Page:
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Healthy Heart

Know Your Risks

Managing High Blood Pressure: A Personalized Approach

nurse checks blood pressure of patient

Controlling high blood pressure (hypertension) is an important factor in reducing the risks associated with heart disease. But it’s becoming increasingly clear that there’s no one right way to treat high blood pressure. Rather, the best approach depends on the person being treated, says Johns Hopkins cardiologist John William (Bill) McEvoy, M.B.B.Ch., M.H.S.  

“There are a number of factors to consider before deciding on a blood pressure goal for a particular patient,” McEvoy says. “One size does not fit all.”

Measuring Risk of Hypertension

Hypertension, or high blood pressure, is only one of many factors that can affect heart disease risk. Other factors can vary widely from person to person. As medicine moves toward personalization, doctors often take those differences into account to design custom blood pressure treatment plans, McEvoy says.

That customized approach often starts with tests to understand a person’s overall risk of cardiovascular events such as heart attack or heart failure. Such tests include:

  • Cardiovascular risk assessments: General practitioners and cardiologists can calculate your cardiovascular risk, which predicts your likelihood of having a cardiovascular event in the next 10 years. This concept has been used for some time to determine whether to prescribe medications to lower cholesterol, says McEvoy. It’s increasingly being used to guide blood pressure therapy as well.
  • Coronary calcium scan: This test uses an ultrafast CT scan of the heart to measure the amount of calcium in your coronary arteries. Patients with more calcium in their arteries are at greater risk of heart disease.

Normal Blood Pressure: Aim Low

Traditionally, patients have been treated for high blood pressure if the top (systolic) number of their blood pressure reading was above 140 mmHg. However, recent studies suggest that patients at high risk of cardiovascular events should consider aiming lower, says McEvoy. For high-risk patients, a systolic blood pressure of 130 or even 120 might be a better target.

To achieve that low goal, many patients will have to consider more intensive drug therapy. Patients at low or intermediate risk of heart events, on the other hand, might not need to be so aggressive in treating their high blood pressure with medications. They may be able to try lowering their blood pressure through lifestyle changes such as diet, exercise and salt reduction.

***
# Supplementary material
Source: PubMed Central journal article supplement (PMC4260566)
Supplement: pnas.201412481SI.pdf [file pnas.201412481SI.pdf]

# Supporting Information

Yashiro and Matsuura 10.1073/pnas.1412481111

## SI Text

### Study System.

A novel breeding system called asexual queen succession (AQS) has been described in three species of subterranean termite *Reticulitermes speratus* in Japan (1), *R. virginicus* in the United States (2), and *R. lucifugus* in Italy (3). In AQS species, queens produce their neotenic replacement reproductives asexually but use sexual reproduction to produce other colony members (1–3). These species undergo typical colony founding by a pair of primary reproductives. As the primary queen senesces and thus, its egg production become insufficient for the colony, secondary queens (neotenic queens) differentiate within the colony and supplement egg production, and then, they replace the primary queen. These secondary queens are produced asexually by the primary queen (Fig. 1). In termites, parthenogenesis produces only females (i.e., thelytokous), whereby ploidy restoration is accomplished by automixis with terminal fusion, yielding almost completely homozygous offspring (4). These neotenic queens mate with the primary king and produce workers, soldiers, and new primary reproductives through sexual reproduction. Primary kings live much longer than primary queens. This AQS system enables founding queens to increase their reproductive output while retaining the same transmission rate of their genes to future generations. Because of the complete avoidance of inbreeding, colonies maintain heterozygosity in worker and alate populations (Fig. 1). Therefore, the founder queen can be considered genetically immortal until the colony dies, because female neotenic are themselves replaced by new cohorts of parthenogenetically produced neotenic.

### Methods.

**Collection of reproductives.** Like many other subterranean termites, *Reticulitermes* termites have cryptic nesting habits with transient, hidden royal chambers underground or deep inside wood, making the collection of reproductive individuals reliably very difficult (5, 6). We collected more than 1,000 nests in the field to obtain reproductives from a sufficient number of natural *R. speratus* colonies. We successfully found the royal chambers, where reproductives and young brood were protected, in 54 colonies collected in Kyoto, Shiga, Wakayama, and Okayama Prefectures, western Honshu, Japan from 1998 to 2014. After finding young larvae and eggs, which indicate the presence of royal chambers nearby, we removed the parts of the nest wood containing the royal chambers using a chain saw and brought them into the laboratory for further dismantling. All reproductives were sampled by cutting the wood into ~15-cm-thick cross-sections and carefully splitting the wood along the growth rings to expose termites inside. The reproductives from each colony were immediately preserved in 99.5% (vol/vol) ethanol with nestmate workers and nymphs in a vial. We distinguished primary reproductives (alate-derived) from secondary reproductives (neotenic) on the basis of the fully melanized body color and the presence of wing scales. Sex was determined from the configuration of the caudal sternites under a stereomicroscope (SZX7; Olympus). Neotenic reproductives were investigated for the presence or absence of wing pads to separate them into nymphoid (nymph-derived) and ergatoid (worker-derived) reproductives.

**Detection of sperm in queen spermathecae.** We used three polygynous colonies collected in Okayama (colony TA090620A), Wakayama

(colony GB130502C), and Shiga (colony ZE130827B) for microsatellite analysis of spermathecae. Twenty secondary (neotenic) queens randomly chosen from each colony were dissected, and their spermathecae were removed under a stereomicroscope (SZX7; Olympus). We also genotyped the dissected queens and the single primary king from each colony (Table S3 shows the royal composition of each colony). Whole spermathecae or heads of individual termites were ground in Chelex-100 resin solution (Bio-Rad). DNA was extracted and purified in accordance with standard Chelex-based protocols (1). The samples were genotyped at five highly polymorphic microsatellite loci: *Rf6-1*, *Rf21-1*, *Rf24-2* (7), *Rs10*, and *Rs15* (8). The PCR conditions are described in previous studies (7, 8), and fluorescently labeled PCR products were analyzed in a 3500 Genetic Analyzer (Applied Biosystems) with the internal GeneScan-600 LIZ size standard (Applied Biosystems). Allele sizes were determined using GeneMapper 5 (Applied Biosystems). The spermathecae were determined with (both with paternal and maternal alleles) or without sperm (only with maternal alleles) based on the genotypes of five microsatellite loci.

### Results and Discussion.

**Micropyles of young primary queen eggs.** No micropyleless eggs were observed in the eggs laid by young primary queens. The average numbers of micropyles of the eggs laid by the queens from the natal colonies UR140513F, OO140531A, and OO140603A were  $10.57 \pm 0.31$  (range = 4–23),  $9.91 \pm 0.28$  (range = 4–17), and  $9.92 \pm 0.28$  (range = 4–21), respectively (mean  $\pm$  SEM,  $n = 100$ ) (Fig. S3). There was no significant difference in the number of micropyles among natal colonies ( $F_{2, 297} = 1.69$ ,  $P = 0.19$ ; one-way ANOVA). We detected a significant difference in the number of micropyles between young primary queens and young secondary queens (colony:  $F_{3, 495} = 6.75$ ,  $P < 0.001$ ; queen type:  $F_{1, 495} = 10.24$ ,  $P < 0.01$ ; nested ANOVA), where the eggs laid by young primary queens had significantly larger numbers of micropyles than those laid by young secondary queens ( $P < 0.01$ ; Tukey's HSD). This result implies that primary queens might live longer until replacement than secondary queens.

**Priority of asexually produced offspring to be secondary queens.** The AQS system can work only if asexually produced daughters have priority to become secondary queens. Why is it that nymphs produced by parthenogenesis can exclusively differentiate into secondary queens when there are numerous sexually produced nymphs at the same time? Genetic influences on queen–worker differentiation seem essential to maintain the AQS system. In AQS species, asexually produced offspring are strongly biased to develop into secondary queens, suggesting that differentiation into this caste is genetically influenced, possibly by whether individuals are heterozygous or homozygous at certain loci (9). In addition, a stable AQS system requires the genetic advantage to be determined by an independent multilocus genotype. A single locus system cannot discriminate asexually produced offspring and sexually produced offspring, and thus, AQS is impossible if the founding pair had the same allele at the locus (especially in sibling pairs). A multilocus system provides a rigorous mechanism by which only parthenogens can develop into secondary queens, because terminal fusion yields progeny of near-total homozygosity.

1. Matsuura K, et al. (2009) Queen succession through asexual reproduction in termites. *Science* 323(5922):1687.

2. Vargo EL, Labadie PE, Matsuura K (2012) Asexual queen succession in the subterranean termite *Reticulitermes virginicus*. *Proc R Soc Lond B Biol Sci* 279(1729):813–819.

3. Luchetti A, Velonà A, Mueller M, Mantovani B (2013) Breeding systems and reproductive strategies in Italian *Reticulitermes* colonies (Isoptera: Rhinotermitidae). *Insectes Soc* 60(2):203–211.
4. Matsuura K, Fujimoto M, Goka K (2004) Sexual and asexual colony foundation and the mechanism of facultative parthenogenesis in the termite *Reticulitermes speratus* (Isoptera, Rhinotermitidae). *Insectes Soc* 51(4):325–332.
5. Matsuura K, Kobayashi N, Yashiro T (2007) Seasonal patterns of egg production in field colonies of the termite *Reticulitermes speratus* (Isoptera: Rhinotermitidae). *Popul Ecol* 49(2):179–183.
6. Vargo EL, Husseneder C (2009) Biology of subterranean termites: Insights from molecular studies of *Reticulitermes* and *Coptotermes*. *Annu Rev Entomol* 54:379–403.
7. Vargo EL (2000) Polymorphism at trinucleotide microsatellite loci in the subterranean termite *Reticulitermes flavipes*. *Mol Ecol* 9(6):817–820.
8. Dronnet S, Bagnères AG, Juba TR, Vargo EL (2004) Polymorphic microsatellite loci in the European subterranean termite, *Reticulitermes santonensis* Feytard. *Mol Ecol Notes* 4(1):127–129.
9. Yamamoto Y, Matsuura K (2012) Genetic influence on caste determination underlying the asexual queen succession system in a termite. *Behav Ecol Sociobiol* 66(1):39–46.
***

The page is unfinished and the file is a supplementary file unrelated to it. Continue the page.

Risk level is only one piece of the picture. Does the patient have other health conditions? What other medications does the patient take? How does he or she experience side effects from the medications? “A shared decision should consider the patient’s concerns, fears and desires for their medical care, along with the provider’s understanding of the patient and his or her interpretation of the published data,” McEvoy says.

Aim for Realistic Blood Pressure

A more personalized approach to blood pressure is a good thing, McEvoy says. Yet more aggressive blood pressure targets aren’t realistic for all patients. 

In fact, many people with high blood pressure aren’t even meeting the traditional goal of lowering their reading to below 140 mmHg, he adds. Step 1 should be to aim for that more modest target. Once you reach that point, it may be worth starting a discussion about whether to move the goalpost. 

“Gone are the days where the physician says ‘Your blood pressure goal is x,’ and that’s the end of the story,” he says. “At the end of the day, it comes back to shared patient-physician decision-making.”

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